In the Circular Ruins of the Aleph
A white room in a white world. The sort of place that set designers use to suggest heaven. Why such a sterile vision is supposed to imply eternal bliss, one may only guess.
Two men wander the cloudy floor in casual conversation. One, Moses, is an imposing figure in flowing robes with the wild hair of a prophet or a rock star. The other, Jorge Luis Borges, is dressed in a three-piece, chalk-stripe suit. His neatly trimmed hair is combed straight back. He could be a banker. His Spanish has the soft, blurred accent of Buenos Aires. They talk the way two writers who no longer worry about agent commissions and remainder tables might talk — that is, a conversation full of unspoken envy, from the lesser to the greater. Though in this case, obviously, they are both very great. Still, there is a hierarchy.
B: I always have admired your skill at ambiguity.
M: That’s what the Delphic Oracle says. But I must say it was never intentional.
B: You’re too modest. Why just yesterday I heard two of your brethren discussing —
M: My brethren seldom discuss.
B: True enough. They were arguing, hammer and tongs, about who wrote the Torah.
M: I beg your pardon. How is that possible? It is an article of faith that I wrote the Torah. As it is written: This entire Torah… is the one given by Moshe… dictated entirely by God.” (Maimonides’s introduction to the Mishnah)
B: Of course. There were a few lines in dispute.
M: Please, none of that J wrote this and E wrote this and XYZ and PDQ and FBI and the rest of that aleph-bet soup.
B: No. They were quite specific. The argument was over the lines that describe your own death, as it is said in Deuteronomy 34:5-6: “So Moses the servant of the Lord died there in the land of Moab, according to the word of the Lord. And he was buried in the valley of the land of Moab over against Beth-peor; and no man knoweth of his sepulcher unto this day.” Reb Yehudah doesn’t see how you could have written that. As he says in the Talmud —
M: Which I also received.
B: He says Joshua wrote those lines after your passing.
M: He does, does he?
B: Absolutely. Reb Shimon, on the other hand, says you wrote every word, though perhaps you wrote those lines “with tears.”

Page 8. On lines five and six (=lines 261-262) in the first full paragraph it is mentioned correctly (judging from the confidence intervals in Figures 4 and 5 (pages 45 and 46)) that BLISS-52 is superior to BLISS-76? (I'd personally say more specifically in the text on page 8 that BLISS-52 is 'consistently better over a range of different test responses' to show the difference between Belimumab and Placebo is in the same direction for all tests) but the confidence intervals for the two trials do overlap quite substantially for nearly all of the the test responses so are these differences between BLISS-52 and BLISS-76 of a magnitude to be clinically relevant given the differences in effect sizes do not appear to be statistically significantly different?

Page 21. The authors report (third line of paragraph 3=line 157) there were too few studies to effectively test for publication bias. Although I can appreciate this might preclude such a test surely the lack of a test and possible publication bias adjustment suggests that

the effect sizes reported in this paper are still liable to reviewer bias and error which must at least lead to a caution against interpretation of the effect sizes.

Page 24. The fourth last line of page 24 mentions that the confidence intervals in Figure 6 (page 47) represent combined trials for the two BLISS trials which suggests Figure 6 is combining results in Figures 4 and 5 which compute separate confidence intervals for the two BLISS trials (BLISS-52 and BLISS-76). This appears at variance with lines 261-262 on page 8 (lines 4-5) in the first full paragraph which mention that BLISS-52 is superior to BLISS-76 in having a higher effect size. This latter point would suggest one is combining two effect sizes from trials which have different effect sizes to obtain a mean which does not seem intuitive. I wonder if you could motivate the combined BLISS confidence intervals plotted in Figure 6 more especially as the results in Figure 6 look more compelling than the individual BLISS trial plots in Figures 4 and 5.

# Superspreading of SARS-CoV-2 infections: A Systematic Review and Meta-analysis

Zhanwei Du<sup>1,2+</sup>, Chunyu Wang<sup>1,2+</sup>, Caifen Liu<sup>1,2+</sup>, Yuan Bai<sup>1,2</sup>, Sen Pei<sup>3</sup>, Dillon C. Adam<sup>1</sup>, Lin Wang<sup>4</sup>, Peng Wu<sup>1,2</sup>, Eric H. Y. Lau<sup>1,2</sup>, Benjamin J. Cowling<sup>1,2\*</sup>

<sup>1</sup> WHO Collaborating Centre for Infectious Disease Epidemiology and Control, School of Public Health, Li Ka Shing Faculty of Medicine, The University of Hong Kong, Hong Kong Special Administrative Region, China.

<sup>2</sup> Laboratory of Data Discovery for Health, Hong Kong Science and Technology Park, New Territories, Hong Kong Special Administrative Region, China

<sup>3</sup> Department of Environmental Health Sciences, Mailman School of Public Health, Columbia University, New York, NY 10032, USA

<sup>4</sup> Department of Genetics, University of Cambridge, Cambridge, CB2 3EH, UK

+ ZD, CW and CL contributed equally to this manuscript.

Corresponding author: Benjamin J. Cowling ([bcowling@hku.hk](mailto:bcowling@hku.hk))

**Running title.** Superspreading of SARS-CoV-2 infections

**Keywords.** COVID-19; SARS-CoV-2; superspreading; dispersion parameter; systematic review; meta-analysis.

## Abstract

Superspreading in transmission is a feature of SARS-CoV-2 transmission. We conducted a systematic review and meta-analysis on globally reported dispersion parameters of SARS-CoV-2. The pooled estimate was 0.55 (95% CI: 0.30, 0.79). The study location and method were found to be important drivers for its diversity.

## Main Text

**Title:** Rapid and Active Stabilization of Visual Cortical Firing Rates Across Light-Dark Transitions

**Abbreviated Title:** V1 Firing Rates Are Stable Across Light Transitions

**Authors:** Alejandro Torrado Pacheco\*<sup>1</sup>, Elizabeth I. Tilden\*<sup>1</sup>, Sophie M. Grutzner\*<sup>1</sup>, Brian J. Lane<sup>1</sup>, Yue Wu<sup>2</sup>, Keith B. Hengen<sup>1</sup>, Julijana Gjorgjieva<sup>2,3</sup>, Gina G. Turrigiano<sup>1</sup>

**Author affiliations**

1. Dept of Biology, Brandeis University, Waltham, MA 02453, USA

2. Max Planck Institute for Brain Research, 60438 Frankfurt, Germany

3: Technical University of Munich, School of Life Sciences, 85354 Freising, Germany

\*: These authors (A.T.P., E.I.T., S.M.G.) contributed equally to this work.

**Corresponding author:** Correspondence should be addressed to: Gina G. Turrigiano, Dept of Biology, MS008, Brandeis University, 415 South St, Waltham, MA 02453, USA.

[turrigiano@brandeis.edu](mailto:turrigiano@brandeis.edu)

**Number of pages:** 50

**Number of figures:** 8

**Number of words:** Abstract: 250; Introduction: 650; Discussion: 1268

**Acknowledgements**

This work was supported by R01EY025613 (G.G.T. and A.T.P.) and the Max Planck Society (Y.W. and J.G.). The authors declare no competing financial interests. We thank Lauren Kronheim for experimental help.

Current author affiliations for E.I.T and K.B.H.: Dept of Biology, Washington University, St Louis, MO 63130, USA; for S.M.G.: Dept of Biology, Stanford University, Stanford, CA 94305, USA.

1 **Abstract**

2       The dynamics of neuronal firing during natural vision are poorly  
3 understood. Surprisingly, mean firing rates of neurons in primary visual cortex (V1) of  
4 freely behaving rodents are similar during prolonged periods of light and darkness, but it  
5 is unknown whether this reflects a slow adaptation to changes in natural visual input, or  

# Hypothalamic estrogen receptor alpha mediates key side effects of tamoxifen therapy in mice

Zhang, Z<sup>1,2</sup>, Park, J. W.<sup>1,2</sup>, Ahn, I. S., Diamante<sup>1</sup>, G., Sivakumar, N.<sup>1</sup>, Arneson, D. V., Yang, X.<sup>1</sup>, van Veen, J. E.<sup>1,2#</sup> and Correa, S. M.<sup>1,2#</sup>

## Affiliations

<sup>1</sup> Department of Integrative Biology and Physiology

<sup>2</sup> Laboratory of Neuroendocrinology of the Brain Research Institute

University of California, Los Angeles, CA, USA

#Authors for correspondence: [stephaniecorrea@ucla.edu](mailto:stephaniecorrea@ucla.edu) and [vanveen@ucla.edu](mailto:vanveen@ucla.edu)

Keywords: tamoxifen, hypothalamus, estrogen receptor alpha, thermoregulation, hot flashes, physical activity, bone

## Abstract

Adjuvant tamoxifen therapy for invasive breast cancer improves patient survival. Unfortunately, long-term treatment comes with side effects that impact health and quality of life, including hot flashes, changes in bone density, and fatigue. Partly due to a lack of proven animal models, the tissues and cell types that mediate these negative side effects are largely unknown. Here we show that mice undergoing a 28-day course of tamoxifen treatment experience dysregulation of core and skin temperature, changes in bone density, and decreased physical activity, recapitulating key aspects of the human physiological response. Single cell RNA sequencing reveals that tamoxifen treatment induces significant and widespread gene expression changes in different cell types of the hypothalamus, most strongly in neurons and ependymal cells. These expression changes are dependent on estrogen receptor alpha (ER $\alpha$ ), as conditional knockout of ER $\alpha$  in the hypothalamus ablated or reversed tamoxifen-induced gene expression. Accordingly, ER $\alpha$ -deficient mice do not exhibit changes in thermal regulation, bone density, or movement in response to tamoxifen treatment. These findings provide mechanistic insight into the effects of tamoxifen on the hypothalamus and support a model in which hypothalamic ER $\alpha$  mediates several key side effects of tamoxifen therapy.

M: I was in no hurry to go, I admit. But arguing with HaShem is usually a losing proposition. Though I didn’t do badly once or twice.
B: Still, the Talmud is unclear. There are sages on both sides. The Chacham Tzvi agrees with Reb Yehudah. How can you write about your own death?
M: Compared with some of the things I did — and in full sight of the children of Israel — that would require only a minor miracle.
B: As Reb Shimon so cogently argued. But Yehudah countered that if you were aware even of your own death from Sinai onward, you deserve an Academy Award for pretending you didn’t know exactly what would happen every step of the way.
M: As it is written: “Who will rid me of this turbulent priest?” (“Becket,” Jean Anouilh)
B: The Vilna Gaon offers a solution. He suggests you took down the letters of all the words on Sinai, but only wrote them down as events unfolded. That means that though you took down every word, Joshua could have unscrambled the puzzle at your passing.
B: Quite. Unfortunately that begs another question over which Reb Yochanan still argues with his companion, Resh Lakish. Reb Yochanon insists that you received the Torah one scroll at a time. Resh Lakish says you got it all in one fell swoop. And, as if that weren’t confusing enough, Rashi pipes up and tells Lakish that Lakish doesn’t mean exactly that.
M: What can I say? My children like to thrash out things. An organic democracy, if you will.
B: So which is it? Did you write it all down at once? Did you receive it scroll by scroll? Was it in verses? Or was it in letters like Latin, with no punctuation or spaces between words?
M: You know, there’s a question I’ve been meaning to ask you. You remember when HaShem took me up on Mount Pisgah and showed me the future of the Children of Israel to the End of Days?
B: Of course.
M: Do you think that was a prophetic revelation or that thing you wrote about, the only place on earth where all places are — seen from every angle, each standing clear, without any confusion or blending?
B: An Aleph?
B: I don’t know.
M: Neither do I.
Moses wanders off, disappearing among the clouds.
B: Hey, wait. You didn’t answer my questions.
M: I’m like my children. I like arguments, too.
Jeffrey Fiskin is a writer who lives in Los Angeles.